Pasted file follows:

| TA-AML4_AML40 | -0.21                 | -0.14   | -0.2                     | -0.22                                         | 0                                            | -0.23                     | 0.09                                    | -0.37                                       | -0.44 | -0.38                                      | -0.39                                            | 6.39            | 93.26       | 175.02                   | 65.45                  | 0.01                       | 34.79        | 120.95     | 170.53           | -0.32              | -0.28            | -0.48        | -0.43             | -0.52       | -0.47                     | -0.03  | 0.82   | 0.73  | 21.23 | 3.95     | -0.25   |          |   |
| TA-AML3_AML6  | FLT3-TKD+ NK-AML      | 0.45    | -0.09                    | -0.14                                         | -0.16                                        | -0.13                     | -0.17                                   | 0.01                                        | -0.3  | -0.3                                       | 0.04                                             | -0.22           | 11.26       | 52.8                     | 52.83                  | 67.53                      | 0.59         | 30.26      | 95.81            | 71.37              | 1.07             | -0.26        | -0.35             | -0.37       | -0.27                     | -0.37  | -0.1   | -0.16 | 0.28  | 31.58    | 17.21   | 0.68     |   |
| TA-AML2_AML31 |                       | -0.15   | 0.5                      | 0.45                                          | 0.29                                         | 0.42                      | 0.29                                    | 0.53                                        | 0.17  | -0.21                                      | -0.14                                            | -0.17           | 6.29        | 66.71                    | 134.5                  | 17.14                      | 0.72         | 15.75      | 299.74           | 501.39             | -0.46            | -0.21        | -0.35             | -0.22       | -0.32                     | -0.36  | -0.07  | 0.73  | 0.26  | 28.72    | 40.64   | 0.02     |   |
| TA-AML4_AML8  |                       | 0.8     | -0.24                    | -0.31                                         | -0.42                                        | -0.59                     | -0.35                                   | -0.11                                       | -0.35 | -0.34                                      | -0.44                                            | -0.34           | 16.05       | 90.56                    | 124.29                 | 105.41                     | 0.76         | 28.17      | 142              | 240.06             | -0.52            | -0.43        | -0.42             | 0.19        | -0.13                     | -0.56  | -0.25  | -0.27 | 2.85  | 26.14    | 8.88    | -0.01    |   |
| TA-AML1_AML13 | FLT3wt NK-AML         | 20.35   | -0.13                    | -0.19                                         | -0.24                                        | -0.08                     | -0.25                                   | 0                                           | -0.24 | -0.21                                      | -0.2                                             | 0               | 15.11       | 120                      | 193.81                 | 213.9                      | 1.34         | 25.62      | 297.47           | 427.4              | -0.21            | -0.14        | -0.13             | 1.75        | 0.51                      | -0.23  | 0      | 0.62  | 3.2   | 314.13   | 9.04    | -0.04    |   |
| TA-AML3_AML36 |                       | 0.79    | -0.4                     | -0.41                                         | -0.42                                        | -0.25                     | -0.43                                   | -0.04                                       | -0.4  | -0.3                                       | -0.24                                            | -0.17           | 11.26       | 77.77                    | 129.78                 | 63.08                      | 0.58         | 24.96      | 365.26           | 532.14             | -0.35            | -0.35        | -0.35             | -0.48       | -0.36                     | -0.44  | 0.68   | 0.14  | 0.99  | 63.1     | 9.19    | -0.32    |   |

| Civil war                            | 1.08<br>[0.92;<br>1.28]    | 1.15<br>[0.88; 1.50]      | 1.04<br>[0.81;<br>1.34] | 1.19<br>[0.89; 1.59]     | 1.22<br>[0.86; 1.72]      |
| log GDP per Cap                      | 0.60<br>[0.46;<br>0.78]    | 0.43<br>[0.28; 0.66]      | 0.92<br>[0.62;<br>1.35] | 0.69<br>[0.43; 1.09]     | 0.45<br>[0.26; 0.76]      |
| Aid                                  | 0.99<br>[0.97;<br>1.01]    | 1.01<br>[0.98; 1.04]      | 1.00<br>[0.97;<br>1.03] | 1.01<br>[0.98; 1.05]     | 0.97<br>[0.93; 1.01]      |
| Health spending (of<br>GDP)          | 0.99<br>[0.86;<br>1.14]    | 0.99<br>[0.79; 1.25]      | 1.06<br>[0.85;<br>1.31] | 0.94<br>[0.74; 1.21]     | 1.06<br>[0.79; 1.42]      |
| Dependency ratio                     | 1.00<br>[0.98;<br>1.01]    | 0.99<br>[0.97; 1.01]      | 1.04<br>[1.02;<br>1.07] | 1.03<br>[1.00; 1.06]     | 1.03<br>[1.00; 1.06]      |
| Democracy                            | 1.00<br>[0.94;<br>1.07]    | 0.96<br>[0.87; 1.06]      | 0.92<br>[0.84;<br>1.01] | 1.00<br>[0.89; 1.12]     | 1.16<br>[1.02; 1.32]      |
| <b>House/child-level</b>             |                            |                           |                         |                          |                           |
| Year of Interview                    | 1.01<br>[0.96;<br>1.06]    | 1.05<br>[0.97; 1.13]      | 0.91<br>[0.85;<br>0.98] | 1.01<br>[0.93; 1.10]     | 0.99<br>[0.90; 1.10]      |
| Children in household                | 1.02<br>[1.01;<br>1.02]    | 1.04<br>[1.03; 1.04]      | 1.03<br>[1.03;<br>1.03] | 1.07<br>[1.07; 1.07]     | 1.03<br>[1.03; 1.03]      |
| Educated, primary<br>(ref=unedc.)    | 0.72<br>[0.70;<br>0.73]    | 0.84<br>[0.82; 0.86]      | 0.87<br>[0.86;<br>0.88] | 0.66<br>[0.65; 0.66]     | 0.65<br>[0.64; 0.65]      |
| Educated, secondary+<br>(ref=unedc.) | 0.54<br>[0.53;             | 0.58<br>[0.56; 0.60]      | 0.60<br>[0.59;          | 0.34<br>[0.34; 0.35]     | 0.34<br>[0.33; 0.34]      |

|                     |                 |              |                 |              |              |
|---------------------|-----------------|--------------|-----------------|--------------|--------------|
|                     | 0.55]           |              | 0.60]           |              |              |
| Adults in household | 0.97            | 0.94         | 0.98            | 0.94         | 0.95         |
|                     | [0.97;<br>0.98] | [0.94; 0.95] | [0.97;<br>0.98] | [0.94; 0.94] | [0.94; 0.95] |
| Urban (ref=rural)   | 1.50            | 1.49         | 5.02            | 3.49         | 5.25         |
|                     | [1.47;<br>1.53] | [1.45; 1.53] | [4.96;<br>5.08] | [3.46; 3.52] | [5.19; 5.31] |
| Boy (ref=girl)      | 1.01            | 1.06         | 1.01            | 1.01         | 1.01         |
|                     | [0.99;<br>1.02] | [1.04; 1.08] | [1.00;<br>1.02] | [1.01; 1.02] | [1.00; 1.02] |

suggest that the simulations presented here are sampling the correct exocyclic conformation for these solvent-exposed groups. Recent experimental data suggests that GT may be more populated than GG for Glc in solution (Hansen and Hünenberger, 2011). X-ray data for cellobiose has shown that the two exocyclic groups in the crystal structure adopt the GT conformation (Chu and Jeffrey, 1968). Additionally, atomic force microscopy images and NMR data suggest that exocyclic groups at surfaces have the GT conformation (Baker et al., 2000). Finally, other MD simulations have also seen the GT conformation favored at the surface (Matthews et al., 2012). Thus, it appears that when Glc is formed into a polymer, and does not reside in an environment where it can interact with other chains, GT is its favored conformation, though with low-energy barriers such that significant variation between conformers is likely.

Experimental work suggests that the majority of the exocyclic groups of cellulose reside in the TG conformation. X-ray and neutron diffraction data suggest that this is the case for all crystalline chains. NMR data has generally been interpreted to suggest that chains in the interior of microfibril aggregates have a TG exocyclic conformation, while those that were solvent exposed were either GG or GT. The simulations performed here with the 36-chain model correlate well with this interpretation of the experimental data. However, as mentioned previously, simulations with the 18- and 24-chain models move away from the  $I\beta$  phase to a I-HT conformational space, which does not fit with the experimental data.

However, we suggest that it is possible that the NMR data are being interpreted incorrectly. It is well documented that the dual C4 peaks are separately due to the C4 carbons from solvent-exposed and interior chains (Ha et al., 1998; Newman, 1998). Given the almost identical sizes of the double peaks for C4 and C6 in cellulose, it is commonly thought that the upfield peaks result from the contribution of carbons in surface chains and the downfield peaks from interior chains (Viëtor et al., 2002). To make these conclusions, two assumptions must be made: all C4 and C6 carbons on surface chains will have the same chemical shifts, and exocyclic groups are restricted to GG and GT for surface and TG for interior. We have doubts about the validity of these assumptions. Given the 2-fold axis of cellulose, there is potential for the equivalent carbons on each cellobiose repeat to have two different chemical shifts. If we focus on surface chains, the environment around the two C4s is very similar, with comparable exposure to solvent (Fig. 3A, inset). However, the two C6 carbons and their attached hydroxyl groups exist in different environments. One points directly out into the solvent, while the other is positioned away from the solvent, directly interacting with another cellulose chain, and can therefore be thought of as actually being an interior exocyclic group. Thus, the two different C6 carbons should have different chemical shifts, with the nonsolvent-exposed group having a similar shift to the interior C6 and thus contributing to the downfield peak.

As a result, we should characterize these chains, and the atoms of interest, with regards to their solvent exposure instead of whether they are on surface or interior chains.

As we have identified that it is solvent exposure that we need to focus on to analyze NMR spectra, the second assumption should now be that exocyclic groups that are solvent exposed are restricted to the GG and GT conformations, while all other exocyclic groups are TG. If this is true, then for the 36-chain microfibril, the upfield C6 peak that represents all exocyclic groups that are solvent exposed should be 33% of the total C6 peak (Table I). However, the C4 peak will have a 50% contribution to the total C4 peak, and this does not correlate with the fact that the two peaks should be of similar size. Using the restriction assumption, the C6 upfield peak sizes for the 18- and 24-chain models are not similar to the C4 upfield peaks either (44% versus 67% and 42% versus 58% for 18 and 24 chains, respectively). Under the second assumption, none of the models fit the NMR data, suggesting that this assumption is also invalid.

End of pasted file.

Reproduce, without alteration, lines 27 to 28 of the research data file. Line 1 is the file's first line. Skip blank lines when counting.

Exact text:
suggest that the simulations presented here are sampling the correct exocyclic conformation for these solvent-exposed groups. Recent experimental data suggests that GT may be more populated than GG for Glc in solution (Hansen and Hünenberger, 2011). X-ray data for cellobiose has shown that the two exocyclic groups in the crystal structure adopt the GT conformation (Chu and Jeffrey, 1968). Additionally, atomic force microscopy images and NMR data suggest that exocyclic groups at surfaces have the GT conformation (Baker et al., 2000). Finally, other MD simulations have also seen the GT conformation favored at the surface (Matthews et al., 2012). Thus, it appears that when Glc is formed into a polymer, and does not reside in an environment where it can interact with other chains, GT is its favored conformation, though with low-energy barriers such that significant variation between conformers is likely.

Experimental work suggests that the majority of the exocyclic groups of cellulose reside in the TG conformation. X-ray and neutron diffraction data suggest that this is the case for all crystalline chains. NMR data has generally been interpreted to suggest that chains in the interior of microfibril aggregates have a TG exocyclic conformation, while those that were solvent exposed were either GG or GT. The simulations performed here with the 36-chain model correlate well with this interpretation of the experimental data. However, as mentioned previously, simulations with the 18- and 24-chain models move away from the  $I\beta$  phase to a I-HT conformational space, which does not fit with the experimental data.